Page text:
Did Elvis have EDS? – Practical Pain Management – Forest Tennant, MD, DrPH – April 2017
From Letters to the Editor:
After I finished reading the article about Elvis Presley’s medical history by Forest Tennant, MD, DrPH,1 I wondered if he might have had Ehlers-Danlos syndrome (EDS)?
The facts seem consistent with many of the medical issues common with this connective tissue mutation, including the stretched body parts, an inability to detox chemicals, self-medication, and an apparent need for greater pain relief.
I also found it interesting that Dr. Tennant wrote about Howard Hughes’ medical case.2 I suspect that Mr. Hughes also suffered from EDS. He was intelligent and inventive, which are common traits found in people with this disease. The fact that Mr. Hughes survived a plane crash and was able to invent the modern hospital bed while he healed from broken ribs is truly amazing!
—Sonja D. Long
Congratulations! You are the first person to contact me with the suspicion that Elvis Presley had EDS. His doctors not only did not suspect EDS, they never even considered it, as this genetic disease wasn’t regarded as a cause of severe pain and disability in Presley’s day.
However, his primary doctor, George Nichopoulos, MD, who personally opined to me that Presley probably had “some sort of genetic disease,” as he had multiple “strange,” seemingly unconnected medical problems.
In a retrospective review of the Presley case, I too suspect he had EDS.
The early age of onset of his multiple symptoms, pain patterns, pathologic conditions, and early death at age 39 are all compatible with a severe form of EDS.3
Beginning in his 20s, he experienced a wide variety of medical ailments, including respiratory, dental, headache, arthralgia, prostate, liver, spine, and gastrointestinal upsets.3,4 His medical symptoms involved various biologic systems and were migratory.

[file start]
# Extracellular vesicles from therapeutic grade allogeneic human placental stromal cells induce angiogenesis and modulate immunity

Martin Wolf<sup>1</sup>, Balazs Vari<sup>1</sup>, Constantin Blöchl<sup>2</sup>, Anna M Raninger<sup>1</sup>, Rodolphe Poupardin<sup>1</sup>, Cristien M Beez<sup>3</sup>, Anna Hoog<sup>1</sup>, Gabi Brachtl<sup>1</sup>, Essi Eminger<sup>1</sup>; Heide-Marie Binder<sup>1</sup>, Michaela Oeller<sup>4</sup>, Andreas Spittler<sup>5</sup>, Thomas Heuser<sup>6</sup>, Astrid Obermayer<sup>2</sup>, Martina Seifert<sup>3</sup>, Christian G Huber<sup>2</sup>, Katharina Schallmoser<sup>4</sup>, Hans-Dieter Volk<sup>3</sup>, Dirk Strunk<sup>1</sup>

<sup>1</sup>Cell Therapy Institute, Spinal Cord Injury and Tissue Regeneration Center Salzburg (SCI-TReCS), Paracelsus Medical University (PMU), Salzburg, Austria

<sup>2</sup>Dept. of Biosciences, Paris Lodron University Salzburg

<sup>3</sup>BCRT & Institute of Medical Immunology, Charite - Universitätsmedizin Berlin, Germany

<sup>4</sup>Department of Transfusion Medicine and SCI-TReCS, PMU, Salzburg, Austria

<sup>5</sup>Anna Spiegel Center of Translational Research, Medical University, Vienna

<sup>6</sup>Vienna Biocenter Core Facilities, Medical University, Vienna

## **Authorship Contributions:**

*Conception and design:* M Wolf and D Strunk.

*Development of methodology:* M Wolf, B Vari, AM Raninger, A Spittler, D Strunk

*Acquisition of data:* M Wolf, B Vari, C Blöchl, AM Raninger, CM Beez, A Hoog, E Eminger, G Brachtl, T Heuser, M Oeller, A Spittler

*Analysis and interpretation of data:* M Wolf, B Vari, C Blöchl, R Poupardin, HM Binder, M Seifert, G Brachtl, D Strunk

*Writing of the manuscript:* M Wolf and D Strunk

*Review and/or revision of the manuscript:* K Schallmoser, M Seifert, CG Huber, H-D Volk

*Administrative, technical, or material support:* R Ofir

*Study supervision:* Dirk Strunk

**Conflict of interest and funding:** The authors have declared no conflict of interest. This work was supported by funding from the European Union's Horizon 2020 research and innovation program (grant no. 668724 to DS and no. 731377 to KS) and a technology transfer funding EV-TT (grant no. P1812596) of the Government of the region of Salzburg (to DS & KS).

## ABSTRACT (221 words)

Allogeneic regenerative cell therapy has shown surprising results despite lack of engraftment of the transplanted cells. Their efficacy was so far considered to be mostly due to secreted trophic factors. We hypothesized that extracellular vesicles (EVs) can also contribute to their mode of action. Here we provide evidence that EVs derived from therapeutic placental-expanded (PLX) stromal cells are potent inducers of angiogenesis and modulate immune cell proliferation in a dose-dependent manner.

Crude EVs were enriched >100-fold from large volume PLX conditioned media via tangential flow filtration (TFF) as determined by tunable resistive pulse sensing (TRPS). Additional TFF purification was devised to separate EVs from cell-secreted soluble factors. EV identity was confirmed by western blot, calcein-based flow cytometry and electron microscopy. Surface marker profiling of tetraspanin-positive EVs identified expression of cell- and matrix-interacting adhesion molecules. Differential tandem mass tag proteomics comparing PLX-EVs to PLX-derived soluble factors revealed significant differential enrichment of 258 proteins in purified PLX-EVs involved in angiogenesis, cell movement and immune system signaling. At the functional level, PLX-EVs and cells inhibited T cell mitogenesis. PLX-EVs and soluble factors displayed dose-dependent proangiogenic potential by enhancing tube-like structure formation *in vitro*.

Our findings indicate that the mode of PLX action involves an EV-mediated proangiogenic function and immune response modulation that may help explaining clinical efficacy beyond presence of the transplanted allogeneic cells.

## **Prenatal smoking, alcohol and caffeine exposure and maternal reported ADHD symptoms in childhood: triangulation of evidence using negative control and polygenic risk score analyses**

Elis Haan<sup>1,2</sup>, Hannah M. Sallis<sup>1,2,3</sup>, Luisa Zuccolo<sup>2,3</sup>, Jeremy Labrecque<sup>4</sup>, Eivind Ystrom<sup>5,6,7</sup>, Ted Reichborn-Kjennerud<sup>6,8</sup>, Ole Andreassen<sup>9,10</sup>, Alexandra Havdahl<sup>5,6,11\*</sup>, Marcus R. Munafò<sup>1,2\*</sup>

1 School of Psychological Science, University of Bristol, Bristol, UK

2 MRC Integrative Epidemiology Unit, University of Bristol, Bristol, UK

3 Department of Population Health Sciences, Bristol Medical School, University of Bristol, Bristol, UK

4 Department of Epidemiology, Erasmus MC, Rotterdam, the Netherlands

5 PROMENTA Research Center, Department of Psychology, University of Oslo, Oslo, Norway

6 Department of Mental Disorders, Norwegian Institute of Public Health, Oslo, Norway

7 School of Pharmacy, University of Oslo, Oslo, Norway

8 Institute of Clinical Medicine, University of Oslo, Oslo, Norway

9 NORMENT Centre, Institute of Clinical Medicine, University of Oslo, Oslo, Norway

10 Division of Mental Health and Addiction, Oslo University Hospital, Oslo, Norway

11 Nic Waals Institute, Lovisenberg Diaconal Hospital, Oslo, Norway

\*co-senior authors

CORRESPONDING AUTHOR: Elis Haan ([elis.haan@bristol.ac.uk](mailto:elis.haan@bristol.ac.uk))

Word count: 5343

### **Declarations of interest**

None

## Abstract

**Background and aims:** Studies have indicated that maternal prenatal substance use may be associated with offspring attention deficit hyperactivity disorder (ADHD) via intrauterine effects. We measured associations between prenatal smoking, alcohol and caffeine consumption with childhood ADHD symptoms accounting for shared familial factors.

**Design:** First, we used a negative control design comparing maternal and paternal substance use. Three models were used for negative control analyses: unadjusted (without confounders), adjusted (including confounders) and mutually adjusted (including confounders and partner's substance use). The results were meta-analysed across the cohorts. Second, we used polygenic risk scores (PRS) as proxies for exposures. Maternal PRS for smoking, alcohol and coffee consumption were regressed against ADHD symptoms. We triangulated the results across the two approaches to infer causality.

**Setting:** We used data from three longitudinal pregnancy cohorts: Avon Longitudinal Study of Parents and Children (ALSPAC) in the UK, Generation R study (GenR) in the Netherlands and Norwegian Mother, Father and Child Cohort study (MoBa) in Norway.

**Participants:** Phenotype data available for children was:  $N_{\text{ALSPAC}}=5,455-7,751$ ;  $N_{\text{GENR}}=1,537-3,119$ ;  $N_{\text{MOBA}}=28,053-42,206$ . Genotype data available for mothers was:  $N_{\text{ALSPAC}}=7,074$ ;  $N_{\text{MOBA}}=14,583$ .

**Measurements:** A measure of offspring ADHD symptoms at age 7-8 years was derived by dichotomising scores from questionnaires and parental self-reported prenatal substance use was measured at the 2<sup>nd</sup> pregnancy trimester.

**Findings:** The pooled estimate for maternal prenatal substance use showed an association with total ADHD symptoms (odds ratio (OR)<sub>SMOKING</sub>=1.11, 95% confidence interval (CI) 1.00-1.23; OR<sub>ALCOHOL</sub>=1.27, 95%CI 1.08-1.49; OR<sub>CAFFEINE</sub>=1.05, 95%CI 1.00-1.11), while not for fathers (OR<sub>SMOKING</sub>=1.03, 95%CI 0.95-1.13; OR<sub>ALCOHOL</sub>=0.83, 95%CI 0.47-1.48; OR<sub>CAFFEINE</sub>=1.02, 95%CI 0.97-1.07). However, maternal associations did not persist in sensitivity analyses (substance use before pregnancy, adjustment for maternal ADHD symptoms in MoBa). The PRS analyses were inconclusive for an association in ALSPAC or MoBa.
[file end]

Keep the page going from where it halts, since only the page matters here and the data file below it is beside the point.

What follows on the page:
This type of come-and-go pattern is typical of EDS. In the last years of Presley’s life, he complained of pain all over.
There are other compelling reasons to believe Presley had EDS. He developed severe constipation and mega-colon in the last few years of his life, requiring medical treatment including enemas. Large intestine problems are relatively common in EDS patients.3,4
Some EDS patients develop a condition known as visceroptosis, which is a disconnection and prolapse of the bowel from its abdominal, connective tissue attachments.5 Presley may have had this condition.
His unusual and exaggerated physical gyrations on stage suggest hypermobility of multiple joints. Some photos show him on the stage, and almost touching his fans in the first row when he bent over. Movements on stage are hardly grist for a clinical diagnosis, but his physicality was a marvel to those of us who watched his live performances.
Also, Presley’s eye and vision problems were typical of EDS. Physically, his eye sockets were deep and he had lax eyelids, or ptosis. He developed bilateral glaucoma, which often necessitated wearing sunglasses.
As for Howard Hughes, he may well have had a variation of Marfan’s syndrome, which is often seen in EDS. He was tall and developed osteoporosis, scoliosis, collapsed vertebrae, and a hip fracture that required surgery. These conditions are common causes of pain in Marfan’s patients who live past middle age, as was the case with Hughes.
His physicians, as far as I know, never considered a genetic disease to explain his clinical state.
Presley and Hughes had something else in common. They both had multiple incidents of head trauma, leading to pituitary and autoimmune disorders as a result.
These problems, on top of a painful genetic disease, manifested in complex, multiple medical ailments that befuddled their doctors, as these pathologic, clinical states were as yet unknown.
Today, we are better able to analyze and diagnose these painful genetic conditions. It is amazing that both Presley and Hughes were so accomplished despite horrific illnesses, significant pain, and suffering.